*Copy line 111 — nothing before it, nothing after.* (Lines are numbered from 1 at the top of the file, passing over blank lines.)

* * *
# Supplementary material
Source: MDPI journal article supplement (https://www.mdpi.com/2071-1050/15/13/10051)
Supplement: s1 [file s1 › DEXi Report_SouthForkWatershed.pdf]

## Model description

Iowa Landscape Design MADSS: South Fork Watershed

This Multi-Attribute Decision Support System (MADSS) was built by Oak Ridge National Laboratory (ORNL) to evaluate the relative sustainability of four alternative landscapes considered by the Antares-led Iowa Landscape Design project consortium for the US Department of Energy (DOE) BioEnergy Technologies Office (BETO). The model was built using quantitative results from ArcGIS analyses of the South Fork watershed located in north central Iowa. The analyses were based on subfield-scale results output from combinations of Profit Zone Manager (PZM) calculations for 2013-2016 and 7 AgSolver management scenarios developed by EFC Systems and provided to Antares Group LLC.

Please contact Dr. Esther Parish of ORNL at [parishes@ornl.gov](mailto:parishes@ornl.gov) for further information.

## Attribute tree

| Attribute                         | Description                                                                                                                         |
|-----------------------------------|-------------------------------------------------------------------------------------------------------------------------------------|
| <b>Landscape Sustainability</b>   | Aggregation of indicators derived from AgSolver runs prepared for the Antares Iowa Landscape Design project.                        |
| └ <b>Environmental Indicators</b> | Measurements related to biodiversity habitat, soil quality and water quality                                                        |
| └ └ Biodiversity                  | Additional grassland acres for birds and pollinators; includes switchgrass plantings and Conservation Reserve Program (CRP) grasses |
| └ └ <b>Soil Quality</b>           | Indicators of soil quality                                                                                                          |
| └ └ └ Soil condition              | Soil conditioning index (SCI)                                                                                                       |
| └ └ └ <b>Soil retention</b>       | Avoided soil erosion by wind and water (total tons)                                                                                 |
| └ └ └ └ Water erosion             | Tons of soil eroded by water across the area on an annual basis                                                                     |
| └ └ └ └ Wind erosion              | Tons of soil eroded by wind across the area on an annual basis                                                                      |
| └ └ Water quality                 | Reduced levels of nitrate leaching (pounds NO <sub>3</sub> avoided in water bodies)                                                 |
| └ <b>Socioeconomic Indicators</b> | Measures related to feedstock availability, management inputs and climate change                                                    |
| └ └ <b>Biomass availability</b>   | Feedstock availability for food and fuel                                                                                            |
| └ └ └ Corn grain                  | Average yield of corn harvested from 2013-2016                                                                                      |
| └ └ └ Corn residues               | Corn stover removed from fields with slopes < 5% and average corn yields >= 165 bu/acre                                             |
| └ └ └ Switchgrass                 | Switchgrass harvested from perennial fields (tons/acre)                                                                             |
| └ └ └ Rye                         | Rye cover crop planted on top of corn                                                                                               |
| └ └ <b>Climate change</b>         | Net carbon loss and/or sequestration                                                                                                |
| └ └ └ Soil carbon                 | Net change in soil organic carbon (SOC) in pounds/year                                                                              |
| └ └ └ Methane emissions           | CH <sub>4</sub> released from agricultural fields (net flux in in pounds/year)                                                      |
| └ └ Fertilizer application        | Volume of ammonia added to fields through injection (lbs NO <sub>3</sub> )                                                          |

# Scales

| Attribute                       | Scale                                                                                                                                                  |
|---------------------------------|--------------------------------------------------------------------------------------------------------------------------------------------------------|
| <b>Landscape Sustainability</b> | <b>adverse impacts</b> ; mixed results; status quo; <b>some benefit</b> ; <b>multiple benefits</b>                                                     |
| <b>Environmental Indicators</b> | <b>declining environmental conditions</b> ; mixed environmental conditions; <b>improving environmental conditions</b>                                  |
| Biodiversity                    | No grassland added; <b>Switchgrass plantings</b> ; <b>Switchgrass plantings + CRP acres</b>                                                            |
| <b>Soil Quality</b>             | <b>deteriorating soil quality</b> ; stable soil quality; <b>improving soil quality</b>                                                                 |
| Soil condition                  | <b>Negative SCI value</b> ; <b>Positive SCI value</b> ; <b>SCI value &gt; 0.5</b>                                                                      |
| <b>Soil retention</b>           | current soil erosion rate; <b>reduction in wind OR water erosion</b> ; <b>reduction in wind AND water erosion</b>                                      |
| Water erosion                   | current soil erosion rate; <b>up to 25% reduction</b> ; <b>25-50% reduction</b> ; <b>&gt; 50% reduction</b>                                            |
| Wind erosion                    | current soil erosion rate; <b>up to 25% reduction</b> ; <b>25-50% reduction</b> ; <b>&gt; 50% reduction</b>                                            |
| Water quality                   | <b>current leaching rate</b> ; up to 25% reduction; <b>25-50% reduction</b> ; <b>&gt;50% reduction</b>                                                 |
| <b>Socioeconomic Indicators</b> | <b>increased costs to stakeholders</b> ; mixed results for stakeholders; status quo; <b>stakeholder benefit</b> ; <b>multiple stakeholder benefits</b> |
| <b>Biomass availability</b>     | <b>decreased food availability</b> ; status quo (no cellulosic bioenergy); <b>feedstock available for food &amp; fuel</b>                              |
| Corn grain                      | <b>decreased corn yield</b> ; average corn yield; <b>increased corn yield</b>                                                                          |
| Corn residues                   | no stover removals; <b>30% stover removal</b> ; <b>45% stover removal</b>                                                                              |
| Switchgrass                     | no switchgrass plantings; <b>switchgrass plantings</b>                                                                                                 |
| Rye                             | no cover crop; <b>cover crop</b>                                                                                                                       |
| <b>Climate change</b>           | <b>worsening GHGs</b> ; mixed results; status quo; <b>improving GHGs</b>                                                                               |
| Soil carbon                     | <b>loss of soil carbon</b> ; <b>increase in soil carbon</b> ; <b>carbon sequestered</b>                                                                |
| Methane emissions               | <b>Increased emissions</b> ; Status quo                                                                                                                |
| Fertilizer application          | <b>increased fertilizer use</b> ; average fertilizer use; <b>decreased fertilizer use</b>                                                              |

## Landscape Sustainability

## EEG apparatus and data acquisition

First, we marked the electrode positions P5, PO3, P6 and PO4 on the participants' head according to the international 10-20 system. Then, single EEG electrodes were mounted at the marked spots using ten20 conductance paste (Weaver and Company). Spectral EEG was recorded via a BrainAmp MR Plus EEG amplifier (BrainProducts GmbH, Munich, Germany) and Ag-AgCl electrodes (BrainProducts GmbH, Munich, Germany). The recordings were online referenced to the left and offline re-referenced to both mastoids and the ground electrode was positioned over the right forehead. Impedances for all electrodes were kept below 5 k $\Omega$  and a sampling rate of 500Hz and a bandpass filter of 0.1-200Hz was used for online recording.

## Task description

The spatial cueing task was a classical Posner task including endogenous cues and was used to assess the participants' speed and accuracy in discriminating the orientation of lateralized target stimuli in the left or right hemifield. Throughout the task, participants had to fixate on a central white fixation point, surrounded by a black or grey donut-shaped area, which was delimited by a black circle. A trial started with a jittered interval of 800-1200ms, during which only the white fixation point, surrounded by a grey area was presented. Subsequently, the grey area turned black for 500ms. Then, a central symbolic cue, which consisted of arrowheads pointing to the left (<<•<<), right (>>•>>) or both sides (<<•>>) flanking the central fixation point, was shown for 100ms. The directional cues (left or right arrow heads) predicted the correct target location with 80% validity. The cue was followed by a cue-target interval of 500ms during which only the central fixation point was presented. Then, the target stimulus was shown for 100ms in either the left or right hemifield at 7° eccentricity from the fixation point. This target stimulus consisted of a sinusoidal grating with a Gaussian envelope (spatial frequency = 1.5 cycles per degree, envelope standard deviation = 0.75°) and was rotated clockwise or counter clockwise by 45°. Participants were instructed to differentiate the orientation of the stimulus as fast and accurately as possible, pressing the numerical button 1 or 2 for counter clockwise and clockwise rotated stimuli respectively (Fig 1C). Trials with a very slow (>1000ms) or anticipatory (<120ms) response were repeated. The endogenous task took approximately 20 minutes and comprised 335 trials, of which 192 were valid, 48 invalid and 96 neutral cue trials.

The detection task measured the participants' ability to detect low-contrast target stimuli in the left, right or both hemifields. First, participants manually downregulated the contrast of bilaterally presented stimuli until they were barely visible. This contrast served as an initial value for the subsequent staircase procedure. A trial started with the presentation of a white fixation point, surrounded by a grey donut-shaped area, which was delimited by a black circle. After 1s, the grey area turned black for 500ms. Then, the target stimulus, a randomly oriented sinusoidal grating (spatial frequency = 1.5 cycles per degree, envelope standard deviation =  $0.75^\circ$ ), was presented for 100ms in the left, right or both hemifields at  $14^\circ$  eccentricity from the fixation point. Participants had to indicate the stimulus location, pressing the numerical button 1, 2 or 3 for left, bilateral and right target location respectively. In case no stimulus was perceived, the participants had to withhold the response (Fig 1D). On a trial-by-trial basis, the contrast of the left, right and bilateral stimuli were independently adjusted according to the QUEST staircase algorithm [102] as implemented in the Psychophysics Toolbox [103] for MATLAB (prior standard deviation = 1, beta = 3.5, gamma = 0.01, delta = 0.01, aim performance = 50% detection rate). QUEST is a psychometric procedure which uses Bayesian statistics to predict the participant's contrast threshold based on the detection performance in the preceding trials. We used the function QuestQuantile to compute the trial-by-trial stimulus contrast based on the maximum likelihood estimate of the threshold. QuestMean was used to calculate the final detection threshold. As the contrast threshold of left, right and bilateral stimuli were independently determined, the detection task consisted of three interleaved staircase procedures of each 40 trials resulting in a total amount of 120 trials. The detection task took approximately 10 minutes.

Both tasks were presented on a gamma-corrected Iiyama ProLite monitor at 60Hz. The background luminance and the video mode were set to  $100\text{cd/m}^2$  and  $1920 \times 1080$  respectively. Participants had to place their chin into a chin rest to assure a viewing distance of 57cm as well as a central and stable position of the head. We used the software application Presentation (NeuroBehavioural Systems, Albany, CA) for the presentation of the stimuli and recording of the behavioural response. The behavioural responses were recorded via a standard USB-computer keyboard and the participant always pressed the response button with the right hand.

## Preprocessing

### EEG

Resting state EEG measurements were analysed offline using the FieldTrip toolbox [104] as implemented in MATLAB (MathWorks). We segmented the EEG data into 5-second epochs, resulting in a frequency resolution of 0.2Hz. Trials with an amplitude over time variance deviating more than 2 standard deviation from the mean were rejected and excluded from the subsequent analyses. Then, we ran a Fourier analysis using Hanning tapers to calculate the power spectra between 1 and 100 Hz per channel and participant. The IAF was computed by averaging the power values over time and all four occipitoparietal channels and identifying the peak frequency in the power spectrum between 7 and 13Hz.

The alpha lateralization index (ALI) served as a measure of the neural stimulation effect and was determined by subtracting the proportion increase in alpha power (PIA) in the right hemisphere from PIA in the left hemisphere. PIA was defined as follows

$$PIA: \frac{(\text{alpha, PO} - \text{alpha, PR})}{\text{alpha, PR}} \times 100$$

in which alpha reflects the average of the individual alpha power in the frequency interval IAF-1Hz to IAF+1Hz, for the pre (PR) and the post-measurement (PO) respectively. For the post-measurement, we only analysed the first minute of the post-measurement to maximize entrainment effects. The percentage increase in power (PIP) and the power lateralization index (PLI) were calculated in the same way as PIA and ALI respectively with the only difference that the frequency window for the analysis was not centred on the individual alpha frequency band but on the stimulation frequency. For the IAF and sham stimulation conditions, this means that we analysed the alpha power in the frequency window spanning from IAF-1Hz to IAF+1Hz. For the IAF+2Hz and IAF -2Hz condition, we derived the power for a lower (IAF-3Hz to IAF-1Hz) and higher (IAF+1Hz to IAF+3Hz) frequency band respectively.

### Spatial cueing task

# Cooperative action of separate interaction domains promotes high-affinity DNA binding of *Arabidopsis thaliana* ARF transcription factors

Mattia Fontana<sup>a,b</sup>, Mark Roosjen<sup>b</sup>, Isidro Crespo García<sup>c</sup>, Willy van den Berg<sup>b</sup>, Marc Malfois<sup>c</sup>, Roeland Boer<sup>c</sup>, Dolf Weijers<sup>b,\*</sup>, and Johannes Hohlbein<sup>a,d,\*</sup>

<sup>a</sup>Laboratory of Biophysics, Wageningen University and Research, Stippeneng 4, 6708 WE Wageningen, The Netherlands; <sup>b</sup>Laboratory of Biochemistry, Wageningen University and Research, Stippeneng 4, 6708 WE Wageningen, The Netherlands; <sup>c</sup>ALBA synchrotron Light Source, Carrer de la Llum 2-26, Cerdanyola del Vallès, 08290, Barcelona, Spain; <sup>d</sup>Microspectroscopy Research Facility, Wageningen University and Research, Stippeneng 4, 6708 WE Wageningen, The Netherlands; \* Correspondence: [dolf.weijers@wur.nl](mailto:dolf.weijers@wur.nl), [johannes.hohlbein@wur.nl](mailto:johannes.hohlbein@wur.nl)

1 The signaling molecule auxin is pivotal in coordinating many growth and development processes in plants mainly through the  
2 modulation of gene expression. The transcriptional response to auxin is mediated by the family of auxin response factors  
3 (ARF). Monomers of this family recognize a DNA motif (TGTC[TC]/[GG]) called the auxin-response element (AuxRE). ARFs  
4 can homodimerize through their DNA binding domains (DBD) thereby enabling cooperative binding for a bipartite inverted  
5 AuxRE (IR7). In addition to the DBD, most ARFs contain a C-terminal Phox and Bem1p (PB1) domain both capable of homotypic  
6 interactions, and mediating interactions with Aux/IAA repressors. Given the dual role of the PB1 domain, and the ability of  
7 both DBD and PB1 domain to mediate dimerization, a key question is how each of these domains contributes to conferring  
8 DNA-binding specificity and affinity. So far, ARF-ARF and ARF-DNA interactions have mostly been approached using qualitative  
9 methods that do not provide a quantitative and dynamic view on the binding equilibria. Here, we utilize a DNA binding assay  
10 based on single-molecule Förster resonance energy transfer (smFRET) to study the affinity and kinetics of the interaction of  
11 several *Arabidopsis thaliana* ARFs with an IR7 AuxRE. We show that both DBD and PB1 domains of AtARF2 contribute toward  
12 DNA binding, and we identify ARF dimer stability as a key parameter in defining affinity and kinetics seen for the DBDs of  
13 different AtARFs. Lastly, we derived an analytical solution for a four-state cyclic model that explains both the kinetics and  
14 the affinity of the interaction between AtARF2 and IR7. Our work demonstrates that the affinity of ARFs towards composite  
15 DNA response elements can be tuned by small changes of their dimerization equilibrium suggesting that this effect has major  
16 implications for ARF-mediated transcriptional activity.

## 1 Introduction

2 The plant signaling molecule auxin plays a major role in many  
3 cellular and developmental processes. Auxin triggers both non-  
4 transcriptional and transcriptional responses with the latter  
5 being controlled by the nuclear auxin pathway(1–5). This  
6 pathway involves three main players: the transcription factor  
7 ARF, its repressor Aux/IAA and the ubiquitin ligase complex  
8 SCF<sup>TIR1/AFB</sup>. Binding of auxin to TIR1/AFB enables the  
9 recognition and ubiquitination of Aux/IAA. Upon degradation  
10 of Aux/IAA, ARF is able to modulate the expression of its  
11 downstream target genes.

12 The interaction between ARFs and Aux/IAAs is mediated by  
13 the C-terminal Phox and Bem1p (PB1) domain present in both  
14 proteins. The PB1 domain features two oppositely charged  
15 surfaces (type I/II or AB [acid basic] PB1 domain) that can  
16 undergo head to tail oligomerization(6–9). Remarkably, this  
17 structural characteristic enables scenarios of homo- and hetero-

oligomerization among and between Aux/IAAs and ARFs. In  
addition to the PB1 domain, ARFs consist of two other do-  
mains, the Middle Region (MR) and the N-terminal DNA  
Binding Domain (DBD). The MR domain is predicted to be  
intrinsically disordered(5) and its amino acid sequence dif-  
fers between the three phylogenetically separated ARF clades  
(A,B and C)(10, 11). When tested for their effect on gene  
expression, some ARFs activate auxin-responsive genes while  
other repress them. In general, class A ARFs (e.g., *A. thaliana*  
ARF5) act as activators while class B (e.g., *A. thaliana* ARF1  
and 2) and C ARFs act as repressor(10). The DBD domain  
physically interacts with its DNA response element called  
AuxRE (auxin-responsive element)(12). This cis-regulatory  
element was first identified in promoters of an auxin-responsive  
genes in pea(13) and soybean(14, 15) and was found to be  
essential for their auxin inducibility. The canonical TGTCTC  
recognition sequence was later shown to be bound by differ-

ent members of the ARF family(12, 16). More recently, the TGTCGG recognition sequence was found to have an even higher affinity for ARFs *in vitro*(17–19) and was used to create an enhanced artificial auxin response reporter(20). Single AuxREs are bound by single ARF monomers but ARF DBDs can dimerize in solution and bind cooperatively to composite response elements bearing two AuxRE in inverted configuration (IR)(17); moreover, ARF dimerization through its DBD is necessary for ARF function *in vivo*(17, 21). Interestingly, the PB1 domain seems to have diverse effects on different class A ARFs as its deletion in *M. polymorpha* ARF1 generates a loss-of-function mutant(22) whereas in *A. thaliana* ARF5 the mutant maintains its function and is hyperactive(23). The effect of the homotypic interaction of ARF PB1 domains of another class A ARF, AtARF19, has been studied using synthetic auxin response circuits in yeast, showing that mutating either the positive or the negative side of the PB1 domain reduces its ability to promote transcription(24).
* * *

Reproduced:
ARF5) act as activators while class B (e.g., *A. thaliana* ARF1  